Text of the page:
Re: [LSF/MM/BPF TOPIC] Measuring limits and enhancing buffered IO

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On Fri, 23 Feb 2024 at 20:12, Matthew Wilcox <willy@xxxxxxxxxxxxx> wrote:
> On Fri, Feb 23, 2024 at 03:59:58PM -0800, Luis Chamberlain wrote:
> >  What are the limits to buffered IO
> > and how do we test that? Who keeps track of it?
> TLDR: Why does the pagecache suck?

What? No.

Our page cache is so good that the question is literally "what are the
limits of it", and "how we would measure them".

That's not a sign of suckage.

When you have to have completely unrealistic loads that nobody would
actually care about in reality just to get a number for the limit,
it's not a sign of problems.

Or rather, the "problem" is the person looking at a stupid load, and
going "we need to improve this because I can write a benchmark for

Here's a clue: a hardware discussion forum I visit was arguing about
memory latencies, and talking about how their measured overhead of
DRAM latency was literally 85% on the CPU side, not the DRAM side.

Guess what? It's because the CPU in question had quite a bit of L3,
and it was spread out, and the CPU doesn't even start the memory
access before it has checked caches.

And here's a big honking clue: only a complete nincompoop and mentally
deficient rodent would look at that and say "caches suck".

> >  ~86 GiB/s on pmem DIO on xfs with 64k block size, 1024 XFS agcount on x86_64
> >      Vs
> >  ~ 7,000 MiB/s with buffered IO
> Profile?  My guess is that you're bottlenecked on the xa_lock between
> memory reclaim removing folios from the page cache and the various
> threads adding folios to the page cache.

I doubt it's the locking.

In fact, for writeout in particular it's probably not even the page
cache at all.

For writeout, we have a very traditional problem: we care about a
million times more about latency than we care about throughput,
because nobody ever actually cares all that much about performance of
huge writes.

Ask yourself when you have last *really* sat there waiting for writes,
unless it's some dog-slow USB device that writes at 100kB/s?

The main situation where people care about cached write performance
(ignoring silly benchmarks) tends to be when you create files, and the
directory entry ordering means that the bottleneck is a number of
small writes and their *ordering* and their latency.

And then the issue is basically never the page cache, but the
filesystem ordering of the metadata writes against each other and
against the page writeout.

Why? Because on all but a *miniscule* percentage of loads, all the
actual data writes are quite gracefully taken by the page cache
completely asynchronously, and nobody ever cares about the writeout

Now, the benchmark that Luis highlighted is a completely different
class of historical problems that has been around forever, namely the
"fill up lots of memory with dirty data".

And there - because the problem is easy to trigger but nobody tends to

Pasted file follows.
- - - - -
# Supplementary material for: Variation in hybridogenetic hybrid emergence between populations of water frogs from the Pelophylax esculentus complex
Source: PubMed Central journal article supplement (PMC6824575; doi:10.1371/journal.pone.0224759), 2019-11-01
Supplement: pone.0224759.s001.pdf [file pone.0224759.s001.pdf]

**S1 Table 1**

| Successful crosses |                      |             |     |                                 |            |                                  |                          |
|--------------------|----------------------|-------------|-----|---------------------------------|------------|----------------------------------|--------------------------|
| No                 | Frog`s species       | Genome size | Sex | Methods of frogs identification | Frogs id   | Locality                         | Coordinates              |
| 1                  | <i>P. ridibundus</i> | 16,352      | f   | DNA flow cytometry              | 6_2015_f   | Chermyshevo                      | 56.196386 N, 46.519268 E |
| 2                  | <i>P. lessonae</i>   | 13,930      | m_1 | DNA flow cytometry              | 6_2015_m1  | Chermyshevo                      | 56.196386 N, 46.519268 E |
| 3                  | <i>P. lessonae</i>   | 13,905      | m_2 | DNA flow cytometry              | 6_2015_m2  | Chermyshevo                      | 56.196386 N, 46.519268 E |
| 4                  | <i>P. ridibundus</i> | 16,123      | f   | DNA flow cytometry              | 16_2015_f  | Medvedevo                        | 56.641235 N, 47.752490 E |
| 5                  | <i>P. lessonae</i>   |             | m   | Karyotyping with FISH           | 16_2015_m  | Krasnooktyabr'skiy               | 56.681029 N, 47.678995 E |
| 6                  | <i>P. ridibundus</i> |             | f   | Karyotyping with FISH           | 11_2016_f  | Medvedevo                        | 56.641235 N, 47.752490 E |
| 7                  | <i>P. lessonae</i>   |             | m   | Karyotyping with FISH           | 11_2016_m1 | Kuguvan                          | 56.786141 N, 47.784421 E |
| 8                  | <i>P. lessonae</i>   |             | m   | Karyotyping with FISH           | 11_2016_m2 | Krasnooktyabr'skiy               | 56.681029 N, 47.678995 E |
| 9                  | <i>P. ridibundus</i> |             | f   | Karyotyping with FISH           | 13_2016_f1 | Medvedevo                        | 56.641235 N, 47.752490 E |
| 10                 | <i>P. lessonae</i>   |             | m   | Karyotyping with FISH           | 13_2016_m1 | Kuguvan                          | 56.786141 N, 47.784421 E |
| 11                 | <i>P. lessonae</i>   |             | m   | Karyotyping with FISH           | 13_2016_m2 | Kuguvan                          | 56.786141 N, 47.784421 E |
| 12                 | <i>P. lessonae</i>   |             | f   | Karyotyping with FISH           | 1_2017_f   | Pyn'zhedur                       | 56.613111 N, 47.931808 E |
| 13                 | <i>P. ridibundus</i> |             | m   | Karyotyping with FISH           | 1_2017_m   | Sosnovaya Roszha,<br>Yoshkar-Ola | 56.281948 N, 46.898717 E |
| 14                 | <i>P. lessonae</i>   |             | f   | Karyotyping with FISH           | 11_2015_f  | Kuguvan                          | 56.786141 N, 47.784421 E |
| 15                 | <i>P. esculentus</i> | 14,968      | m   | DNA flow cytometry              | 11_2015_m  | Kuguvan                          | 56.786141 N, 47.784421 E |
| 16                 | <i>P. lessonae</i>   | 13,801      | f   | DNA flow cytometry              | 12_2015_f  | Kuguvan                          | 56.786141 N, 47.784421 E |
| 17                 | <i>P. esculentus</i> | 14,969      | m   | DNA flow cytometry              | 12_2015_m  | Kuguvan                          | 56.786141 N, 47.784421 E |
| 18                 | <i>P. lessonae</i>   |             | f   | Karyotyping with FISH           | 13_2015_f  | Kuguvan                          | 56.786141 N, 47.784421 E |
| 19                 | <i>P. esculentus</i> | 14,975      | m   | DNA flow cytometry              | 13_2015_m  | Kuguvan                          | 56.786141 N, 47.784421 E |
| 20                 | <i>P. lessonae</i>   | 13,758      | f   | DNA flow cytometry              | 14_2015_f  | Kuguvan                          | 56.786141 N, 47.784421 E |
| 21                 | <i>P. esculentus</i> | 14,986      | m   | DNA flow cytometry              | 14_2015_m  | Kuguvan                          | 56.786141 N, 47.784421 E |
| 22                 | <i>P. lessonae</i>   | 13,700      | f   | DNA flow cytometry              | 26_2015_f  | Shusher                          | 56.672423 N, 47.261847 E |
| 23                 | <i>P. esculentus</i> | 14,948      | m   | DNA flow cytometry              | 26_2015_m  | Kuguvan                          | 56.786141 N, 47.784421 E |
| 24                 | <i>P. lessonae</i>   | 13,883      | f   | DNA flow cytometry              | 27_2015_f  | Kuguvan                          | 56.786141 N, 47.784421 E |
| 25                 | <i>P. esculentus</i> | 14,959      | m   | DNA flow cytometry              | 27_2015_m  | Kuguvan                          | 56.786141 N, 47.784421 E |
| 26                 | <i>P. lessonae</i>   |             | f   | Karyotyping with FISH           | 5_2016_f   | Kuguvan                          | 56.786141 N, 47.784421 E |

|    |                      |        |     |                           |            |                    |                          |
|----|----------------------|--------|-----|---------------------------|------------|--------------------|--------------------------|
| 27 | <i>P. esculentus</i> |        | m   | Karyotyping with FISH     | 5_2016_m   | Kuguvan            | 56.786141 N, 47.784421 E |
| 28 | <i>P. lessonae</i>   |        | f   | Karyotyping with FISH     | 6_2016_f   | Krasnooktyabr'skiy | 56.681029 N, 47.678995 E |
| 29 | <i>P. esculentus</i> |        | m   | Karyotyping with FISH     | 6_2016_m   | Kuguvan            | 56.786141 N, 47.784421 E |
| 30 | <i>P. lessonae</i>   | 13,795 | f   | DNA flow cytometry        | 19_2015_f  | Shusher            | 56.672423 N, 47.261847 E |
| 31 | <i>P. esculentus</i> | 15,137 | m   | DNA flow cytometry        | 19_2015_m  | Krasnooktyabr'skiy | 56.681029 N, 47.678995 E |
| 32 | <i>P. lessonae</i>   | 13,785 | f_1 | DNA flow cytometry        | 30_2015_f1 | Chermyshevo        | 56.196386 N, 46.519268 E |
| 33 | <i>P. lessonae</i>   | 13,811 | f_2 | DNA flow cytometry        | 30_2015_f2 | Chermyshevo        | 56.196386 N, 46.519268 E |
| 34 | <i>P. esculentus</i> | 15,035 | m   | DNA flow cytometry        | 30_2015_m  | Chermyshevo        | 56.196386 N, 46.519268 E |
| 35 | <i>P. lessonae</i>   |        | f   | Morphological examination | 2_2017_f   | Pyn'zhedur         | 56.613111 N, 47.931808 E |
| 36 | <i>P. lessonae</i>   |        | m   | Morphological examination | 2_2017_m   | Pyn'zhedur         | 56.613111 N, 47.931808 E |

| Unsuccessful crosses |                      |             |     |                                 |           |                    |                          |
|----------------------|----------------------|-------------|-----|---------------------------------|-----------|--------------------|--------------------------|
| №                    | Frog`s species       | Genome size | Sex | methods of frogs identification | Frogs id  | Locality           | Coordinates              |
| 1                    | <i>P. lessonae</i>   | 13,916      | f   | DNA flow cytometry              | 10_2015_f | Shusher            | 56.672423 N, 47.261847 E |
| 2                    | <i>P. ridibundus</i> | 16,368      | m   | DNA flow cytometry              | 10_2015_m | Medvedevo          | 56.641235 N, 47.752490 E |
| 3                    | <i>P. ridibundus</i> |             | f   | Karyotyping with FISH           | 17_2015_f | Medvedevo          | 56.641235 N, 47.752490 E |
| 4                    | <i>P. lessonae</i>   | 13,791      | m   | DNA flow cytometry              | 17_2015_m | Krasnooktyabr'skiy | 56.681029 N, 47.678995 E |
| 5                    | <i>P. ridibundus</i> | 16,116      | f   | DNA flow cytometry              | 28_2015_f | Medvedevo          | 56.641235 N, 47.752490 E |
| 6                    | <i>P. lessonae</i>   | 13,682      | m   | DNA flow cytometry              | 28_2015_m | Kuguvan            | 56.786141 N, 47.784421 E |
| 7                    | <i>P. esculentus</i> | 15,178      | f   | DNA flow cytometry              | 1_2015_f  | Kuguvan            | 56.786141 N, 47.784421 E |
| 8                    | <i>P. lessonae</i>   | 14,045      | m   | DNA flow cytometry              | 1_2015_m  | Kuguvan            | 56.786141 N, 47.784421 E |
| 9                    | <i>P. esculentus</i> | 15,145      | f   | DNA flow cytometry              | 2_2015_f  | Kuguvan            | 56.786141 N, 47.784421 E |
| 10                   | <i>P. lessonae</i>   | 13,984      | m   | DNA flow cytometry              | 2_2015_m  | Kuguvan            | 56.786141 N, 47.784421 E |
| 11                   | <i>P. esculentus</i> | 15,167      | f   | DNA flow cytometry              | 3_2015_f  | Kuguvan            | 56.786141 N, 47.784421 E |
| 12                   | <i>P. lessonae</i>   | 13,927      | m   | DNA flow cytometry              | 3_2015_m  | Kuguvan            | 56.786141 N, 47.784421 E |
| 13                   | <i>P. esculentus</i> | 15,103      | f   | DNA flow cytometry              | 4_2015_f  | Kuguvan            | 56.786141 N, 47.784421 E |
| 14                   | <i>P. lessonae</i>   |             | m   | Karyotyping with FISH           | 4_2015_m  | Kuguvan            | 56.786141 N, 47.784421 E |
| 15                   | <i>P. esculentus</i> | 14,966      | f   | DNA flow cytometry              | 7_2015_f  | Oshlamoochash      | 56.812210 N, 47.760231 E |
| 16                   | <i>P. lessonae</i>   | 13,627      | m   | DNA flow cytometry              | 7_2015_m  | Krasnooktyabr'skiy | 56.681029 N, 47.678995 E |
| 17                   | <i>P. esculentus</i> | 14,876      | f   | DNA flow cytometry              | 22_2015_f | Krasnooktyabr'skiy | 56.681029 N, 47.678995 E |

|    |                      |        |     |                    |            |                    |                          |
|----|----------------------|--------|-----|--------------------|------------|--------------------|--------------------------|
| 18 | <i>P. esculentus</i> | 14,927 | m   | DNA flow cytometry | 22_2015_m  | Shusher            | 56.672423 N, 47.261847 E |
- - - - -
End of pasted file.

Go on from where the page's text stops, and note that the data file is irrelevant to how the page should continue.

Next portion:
care deeply about throughput because they care much much *MUCH* more
about latency, we have a rather stupid big hammer approach.

It's called "vm_dirty_bytes".

Well, that's the knob (not the only one). The actual logic around it
is then quite the moreass of turning that into the
dirty_throttle_control, and the per-bdi dirty limits that try to take
the throughput of the backing device into account etc etc.

And then all those heuristics are used to actually LITERALLY PAUSE the
writer. We literally have this code:

                bdi->last_bdp_sleep = jiffies;

in balance_dirty_pages(), which is all about saying "I'm putting you
to sleep, because I judge you to have dirtied so much memory that
you're making things worse for others".

And a lot of *that* is then because we haven't wanted everybody to
rush in and start their own synchronous writeback, but instead watn
all writeback to be done by somebody else. So now we move from
mm/page-writeback.c to fs/fs-writeback.c, and all the work-queues to
do dirty writeout.

Notice how the io_schedule_timeout() above doesn't even get woken up
by IO completing. Nope. The "you have written too much" logic
literally pauses the writer, and doesn't even want to wake it up when
there is no more dirty data.

So the "you went over the dirty limits It's a penalty box, and all of
this comes from "you are doing something that is abnormal and that
disturbs other people, so you get an unconditional penalty". Yes, the
timeout is then obviously tied to how much of a problem the dirtying
is (based on that whole "how fast is the device") but it's purely a

And (one) important part here is "nobody sane does that".  So
benchmarking this is a bit crazy. The code is literally meant for bad
actors, and what you are benchmarking is the kernel telling you "don't
do that then".

And absolutely *NONE* of this all has anything to do with the page cache. NADA.

And yes, there's literally thousands of lines of code all explicitly
designed for this "slow down writers" and make it be at least somewhat
graceful and gradual.

That's pretty much all mm/page-writeback.c does (yes, that file *also*
does have the "start/end folio writeback" functions, but they are only
a small part of it, even if that's obviously the origin of the file -
the writeback throttling logic has just grown a lot more).


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